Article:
A week flooded with terrible news continues as it's been reported that the young, talented actor Logan Williams has sadly passed away. A teenage television actor, Williams is perhaps best known for starring as the young Barry Allen in the CW series The Flash. Although no cause of death has yet been revealed, Williams is said to have died suddenly on Thursday. Only days away from his 17th birthday, Williams was just 16 years old.
Marlyse Williams, Logan's mother, tells The Tri-City News she's 'absolutely devastated' by his passing. 'I am not able to hug my parents who lost their only grandchild,' Marlyse adds, noting she's been left to mourn the loss alone due to the recent physical distancing restrictions. Like his fans, Marlyse is also thinking about what could have been with Logan's life and career, making the news all the more heartbreaking. 'With his talent and gorgeous looks, Logan had the potential to be a huge star,' she says.
An only child, Williams was born in 2003 in Vancouver, British Columbia. Naturally talented, Williams succeeded with his very first audition at the age of 10 when he sought a part in the Hallmark Channel's television movie The Color of Rain which saw him play the role of Jack. From there, other roles started to come in for Williams, Alongside Lily Rabe and Milo Ventimiglia, Williams appeared as Young Elliot in multiple episodes of the horror TV series The Whispers on ABC. He would also appear as Max Johnson in the episode 'Plush' of the sci-fi series Supernatural.
Starting in 2014, Williams landed the role of Barry Allen in The Flash as the younger version of the titular hero played by Grant Gustin. He'd appear in the role in many episodes during the show's first and second seasons, making him very memorable to fans of the CW series. 'I was so impressed by not only Logan's talent but his professionalism on set,' Gustin says in an Instagram post paying tribute to the young actor. The older Barry Allen goes on to add: 'My thoughts and prayers will be with him and his family during what is I'm sure an unimaginably difficult time for them. Please keep Logan and his family in your thoughts and prayers during what has been a strange and trying time for us all.'
A Hallmark Channel star, Williams also appeared alongside Lori Loughlin in the network's TV series When Calls the Heart. Between 2014 and 2016, Williams played Miles Montgomery, the middle child of Chelah Horsdal's Cat Montgomery. Erin Krakow, who played Elizabeth Thatcher Thornton on the series, also spoke about her former co-star's passing in a tribute post on Twitter. 'We'll miss you Logan. I'll always be very proud of you,' Krakow writes alongside a video clip of a scene the two had shared together on the series.
During his short time in the business, Williams had also won several awards for his work. This includes winning the 2015 Joey Award for his role as Barry Allen in The Flash and a Best Newcomer...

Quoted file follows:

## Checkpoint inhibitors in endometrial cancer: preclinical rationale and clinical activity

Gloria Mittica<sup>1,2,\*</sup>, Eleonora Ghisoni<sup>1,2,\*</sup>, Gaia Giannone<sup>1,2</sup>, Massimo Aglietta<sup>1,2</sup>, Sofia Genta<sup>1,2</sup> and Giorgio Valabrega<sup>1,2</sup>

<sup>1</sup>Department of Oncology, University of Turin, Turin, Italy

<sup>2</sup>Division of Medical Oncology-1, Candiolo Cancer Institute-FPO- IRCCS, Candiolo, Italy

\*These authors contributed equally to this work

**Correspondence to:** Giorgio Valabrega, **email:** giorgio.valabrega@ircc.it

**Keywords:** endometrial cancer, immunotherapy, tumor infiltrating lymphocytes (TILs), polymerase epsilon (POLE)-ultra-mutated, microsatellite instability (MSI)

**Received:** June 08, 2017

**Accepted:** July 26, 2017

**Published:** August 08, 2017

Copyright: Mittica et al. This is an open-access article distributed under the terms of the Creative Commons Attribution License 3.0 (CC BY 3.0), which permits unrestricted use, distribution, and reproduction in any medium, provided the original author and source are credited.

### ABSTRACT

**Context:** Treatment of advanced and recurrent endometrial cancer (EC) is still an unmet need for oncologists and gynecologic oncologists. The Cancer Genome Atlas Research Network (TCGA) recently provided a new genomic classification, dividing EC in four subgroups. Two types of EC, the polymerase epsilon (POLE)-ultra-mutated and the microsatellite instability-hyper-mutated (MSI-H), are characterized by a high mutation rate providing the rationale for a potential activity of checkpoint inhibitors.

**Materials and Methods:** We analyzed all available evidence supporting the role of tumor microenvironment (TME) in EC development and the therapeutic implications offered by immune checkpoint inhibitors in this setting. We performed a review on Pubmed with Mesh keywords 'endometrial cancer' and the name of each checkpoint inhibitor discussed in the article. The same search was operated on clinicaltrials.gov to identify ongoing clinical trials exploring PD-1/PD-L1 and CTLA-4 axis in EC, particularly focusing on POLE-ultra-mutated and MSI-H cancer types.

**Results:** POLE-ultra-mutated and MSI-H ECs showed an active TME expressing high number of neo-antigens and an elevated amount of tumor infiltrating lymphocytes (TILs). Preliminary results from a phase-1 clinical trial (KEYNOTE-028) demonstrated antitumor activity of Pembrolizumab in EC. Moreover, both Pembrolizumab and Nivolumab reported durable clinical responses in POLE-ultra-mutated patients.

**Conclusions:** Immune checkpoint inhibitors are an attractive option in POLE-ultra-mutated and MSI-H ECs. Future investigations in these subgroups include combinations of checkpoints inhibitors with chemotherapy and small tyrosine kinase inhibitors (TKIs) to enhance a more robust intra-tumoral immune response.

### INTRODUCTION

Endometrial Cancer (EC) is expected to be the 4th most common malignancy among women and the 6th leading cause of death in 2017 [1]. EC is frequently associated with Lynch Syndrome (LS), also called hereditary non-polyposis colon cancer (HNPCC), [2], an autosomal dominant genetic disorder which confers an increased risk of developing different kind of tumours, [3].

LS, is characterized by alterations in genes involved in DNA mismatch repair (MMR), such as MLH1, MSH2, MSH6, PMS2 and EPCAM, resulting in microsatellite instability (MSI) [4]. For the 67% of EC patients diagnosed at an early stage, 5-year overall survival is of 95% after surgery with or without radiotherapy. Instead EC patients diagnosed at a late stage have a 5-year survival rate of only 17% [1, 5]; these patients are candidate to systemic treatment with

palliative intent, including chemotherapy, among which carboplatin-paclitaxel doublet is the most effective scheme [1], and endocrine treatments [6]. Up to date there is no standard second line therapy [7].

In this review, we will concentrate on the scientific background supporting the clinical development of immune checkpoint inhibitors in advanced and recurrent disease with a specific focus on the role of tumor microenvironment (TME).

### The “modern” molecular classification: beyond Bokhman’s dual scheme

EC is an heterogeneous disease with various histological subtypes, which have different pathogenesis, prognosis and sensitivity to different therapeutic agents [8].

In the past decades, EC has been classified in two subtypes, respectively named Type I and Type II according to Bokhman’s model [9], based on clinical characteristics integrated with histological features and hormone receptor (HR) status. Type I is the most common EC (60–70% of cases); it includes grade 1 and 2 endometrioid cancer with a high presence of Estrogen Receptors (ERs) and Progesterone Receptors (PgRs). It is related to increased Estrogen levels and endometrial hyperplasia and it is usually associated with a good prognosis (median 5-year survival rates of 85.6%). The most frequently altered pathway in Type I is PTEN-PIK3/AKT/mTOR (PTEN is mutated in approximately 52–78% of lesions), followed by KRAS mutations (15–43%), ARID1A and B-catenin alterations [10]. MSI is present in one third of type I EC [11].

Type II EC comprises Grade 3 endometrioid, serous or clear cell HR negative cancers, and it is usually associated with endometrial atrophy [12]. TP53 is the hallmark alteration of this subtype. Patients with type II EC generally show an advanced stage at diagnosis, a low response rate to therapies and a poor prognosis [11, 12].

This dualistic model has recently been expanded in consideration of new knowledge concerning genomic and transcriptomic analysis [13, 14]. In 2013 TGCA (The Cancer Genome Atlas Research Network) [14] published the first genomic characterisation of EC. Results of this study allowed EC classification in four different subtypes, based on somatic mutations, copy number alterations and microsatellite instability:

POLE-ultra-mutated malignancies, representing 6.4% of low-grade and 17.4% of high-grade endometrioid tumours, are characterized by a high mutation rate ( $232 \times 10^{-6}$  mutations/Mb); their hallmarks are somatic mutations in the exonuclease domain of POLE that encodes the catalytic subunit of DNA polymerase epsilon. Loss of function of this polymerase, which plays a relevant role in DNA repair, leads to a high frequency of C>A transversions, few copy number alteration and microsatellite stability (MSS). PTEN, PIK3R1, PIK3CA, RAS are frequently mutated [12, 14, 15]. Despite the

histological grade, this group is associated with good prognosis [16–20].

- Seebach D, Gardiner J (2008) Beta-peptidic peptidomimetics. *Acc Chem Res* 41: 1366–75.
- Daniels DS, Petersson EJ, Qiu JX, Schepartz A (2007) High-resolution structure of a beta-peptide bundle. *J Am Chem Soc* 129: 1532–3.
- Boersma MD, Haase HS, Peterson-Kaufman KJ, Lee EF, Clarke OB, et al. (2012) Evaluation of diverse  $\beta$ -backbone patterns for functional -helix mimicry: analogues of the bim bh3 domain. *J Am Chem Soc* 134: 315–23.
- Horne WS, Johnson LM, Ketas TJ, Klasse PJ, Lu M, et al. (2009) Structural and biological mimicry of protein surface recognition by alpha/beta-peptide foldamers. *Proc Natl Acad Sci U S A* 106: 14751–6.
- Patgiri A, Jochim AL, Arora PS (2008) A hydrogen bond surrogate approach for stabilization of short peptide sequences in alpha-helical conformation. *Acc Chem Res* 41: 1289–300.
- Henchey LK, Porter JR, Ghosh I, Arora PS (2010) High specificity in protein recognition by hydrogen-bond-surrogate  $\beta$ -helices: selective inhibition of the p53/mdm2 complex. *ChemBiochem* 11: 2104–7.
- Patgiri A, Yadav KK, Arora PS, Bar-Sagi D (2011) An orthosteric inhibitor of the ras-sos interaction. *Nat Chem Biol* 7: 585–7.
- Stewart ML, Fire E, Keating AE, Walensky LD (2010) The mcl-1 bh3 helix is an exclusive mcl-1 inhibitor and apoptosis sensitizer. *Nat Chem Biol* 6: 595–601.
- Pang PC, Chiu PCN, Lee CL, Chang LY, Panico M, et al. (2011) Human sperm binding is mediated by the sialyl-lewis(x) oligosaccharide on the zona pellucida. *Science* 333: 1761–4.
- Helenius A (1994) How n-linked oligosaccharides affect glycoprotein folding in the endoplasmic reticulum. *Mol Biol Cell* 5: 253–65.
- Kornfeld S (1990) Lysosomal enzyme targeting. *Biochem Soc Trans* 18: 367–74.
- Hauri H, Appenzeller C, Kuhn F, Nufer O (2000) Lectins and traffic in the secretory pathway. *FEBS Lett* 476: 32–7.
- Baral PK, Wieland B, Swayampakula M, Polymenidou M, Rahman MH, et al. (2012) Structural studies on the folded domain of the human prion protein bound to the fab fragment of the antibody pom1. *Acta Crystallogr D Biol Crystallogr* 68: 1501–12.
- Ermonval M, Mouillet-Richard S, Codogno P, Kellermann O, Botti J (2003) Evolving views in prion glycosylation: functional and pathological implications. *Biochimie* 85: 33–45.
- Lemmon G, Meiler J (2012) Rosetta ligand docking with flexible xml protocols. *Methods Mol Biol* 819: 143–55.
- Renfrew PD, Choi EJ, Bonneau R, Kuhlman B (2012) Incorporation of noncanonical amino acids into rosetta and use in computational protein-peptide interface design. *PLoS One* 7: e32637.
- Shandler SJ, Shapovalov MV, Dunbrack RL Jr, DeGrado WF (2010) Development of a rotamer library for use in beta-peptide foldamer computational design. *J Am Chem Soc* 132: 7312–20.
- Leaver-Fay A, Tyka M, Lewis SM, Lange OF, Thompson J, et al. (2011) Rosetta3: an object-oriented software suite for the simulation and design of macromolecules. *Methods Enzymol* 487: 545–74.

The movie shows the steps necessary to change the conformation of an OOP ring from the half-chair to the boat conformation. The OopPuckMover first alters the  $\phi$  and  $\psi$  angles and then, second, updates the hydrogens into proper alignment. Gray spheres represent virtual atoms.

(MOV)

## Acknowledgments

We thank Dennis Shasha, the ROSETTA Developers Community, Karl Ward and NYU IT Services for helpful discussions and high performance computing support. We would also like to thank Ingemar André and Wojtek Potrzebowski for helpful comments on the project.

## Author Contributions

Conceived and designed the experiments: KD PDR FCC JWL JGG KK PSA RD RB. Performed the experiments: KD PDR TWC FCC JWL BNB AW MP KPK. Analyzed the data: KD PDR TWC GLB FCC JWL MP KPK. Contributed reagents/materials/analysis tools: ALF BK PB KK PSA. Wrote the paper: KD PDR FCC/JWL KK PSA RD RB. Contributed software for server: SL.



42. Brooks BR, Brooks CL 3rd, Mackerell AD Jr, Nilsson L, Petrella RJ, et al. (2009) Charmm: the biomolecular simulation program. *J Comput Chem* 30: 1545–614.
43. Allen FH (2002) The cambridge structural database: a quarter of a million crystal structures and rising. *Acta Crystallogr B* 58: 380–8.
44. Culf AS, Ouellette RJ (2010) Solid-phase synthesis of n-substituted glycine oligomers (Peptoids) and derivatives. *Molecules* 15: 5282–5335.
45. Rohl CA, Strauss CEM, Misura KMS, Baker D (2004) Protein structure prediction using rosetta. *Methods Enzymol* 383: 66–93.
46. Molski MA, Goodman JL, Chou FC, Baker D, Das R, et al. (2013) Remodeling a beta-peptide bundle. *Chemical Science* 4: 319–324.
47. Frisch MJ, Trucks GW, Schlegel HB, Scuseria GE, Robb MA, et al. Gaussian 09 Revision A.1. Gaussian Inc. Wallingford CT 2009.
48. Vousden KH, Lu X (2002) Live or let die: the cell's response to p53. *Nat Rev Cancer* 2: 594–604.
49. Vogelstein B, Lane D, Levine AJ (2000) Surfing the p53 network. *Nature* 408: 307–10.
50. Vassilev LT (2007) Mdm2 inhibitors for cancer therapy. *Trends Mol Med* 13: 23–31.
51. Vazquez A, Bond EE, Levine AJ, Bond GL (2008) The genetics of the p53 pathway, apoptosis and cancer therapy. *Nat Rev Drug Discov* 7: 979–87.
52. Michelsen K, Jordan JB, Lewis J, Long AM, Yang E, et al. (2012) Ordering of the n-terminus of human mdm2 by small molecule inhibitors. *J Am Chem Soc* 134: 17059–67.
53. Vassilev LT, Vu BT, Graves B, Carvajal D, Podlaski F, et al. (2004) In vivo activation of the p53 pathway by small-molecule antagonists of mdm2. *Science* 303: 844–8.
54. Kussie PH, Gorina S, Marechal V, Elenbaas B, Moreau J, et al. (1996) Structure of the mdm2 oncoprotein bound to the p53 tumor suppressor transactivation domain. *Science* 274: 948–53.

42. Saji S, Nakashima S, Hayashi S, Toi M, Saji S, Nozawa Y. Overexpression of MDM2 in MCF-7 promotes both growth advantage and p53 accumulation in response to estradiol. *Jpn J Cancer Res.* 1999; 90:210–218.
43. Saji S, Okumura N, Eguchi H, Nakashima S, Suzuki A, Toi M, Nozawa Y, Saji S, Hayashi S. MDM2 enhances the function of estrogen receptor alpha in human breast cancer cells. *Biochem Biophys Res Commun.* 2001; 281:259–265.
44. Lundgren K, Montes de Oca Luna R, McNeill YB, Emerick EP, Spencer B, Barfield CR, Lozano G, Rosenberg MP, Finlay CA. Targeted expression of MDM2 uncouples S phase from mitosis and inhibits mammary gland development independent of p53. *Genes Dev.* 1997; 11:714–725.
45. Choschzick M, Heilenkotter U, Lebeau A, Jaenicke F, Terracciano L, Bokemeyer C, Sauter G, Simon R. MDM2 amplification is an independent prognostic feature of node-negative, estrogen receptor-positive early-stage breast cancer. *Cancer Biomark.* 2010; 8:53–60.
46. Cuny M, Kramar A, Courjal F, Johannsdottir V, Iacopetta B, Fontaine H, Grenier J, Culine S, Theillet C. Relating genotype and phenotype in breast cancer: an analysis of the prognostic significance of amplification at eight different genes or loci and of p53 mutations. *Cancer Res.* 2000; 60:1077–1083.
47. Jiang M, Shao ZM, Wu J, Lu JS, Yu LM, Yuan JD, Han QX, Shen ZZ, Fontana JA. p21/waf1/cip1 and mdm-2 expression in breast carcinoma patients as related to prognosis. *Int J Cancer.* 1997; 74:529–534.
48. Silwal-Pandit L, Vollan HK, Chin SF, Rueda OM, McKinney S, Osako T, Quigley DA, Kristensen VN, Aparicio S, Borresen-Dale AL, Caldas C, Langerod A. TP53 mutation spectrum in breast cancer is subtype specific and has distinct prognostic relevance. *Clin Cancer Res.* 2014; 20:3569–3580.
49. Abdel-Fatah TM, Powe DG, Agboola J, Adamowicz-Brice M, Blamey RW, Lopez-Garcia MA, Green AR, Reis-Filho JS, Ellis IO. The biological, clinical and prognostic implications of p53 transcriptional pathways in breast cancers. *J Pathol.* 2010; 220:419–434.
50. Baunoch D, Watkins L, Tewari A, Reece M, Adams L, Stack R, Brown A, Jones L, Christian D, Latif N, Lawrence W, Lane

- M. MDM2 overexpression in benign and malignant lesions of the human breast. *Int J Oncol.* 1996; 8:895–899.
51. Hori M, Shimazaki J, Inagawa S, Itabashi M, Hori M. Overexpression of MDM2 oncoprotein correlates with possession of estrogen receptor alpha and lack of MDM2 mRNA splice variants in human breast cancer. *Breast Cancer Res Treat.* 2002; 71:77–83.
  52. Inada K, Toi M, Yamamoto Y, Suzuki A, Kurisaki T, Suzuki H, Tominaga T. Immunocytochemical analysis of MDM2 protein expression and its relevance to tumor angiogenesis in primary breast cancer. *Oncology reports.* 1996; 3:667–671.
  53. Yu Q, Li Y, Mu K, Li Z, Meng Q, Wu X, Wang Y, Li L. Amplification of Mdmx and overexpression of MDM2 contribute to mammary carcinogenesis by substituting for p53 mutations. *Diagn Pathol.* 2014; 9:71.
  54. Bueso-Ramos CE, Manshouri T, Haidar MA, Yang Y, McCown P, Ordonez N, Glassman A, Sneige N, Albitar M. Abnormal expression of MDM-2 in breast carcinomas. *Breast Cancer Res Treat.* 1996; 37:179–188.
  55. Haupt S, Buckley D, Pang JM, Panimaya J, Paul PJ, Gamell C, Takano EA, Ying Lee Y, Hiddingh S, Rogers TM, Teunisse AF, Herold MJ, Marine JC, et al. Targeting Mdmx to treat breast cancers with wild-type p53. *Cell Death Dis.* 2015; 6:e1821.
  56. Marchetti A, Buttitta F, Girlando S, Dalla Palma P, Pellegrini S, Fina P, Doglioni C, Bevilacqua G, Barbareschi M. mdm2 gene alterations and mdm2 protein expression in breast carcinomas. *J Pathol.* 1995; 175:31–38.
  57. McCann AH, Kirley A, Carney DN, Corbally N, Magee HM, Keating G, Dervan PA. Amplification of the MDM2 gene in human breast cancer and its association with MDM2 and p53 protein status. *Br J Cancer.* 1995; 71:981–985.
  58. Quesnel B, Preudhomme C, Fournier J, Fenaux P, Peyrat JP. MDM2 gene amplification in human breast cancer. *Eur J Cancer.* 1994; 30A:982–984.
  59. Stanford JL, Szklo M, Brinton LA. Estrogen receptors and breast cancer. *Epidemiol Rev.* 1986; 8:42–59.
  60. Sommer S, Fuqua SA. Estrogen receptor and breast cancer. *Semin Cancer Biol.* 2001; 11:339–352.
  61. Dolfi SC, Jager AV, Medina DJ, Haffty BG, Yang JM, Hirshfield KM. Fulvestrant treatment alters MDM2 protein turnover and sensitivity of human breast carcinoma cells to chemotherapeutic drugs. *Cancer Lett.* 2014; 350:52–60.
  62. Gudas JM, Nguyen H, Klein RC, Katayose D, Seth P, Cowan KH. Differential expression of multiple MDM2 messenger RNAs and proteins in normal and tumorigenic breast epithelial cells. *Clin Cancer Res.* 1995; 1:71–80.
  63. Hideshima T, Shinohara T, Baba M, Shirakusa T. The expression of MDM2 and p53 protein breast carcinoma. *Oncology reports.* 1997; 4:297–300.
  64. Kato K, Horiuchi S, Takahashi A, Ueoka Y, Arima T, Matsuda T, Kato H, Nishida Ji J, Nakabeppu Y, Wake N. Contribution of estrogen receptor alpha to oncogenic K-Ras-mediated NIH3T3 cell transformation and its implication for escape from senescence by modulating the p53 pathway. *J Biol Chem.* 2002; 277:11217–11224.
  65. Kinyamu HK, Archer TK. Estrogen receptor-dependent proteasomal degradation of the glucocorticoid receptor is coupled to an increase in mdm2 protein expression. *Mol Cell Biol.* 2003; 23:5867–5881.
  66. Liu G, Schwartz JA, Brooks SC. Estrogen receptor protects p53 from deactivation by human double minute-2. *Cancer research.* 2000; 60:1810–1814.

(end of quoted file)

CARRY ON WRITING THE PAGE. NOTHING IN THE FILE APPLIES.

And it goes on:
SPOILER ALERT: If you are among the few who haven’t actually watched Netflix’s Tiger King docuseries, this review contains a lot of details about what goes down in the sad big cat saga.
With Netflix poised in the coming days to cash in and crank the base up a notch with more Tiger King, it's time to come out and say it: I hate the Red State porn that is the crash and burn of Joe Exotic
The initial seven episodes of this septic and shallow patchwork of trademark infringement, sex, guns, labor exploitation, song, drugs, mullets, betrayal, animal activism, revenge, and a lot of big cats may be much binged over these weeks of coronavirus lockdown, but that doesn't mean it's actually worth watching.
Now, I get it, I sound like I'm just a dour critic who hates anything that isn't prestige premium cable or aspirational. C'mon man, you want to say, Tiger King: Murder, Mayhem and Madness is just so unbelievable, I can't look away.
I respectfully disagree, and in fact, propose Tiger King isn't just bad, but dangerous in a divided America persistently looking to reduce the other side to caricature.
In a presently ailing nation where TV is more voluminous and vital than ever, the truth is the March 20 launched Tiger King is a clawed white trash misery index. Gawking at some clearly fragile and damaged people like would-be reality TV star Exotic and their below the Mason-Dixon line antics, the series subsequently provides a cultural circus for those smug bicoastals under stay at home orders and screaming to rise up in moral superiority.
Essentially, the tale of big cat collector, self-styled Oklahoma zoo proprietor and 2016 Presidential candidate Exotic AKA Joseph Maldonado-Passage and his ultimately unsuccessful attempt to have rival Carole Baskin knocked off by a hitman hired for $3,000, Tiger King is in that context more a zero-sum game, literally and figuratively, than hitting the zeitgeist.
Obviously, Netflix are pretty damn good at gauging and dragging the public mood over the years, as the likes of the then phenomenon of 2015's Making A Murderer or 2018’s Wild Wild Country prove. Yet, for all the attention it has drawn, this unfocused murder for hire exploration of sorts emerges as a bastard child of Cops, a million Dateline segments from the 1990s and Fox’s short-lived Murder in Small Town X reality show from 2001.
Not exactly the prestige product that the home of Roma, The Irishman and American Factory likes to brag about at award shows. Then again, with the knowledge that the Romans sold out the Colosseum every night feeding Christians to the lions, the bottom line based House of Hastings surely loves the subscription sign up that the currently incarcerated Maldonado-Passage and the accompanying motley gaggle of...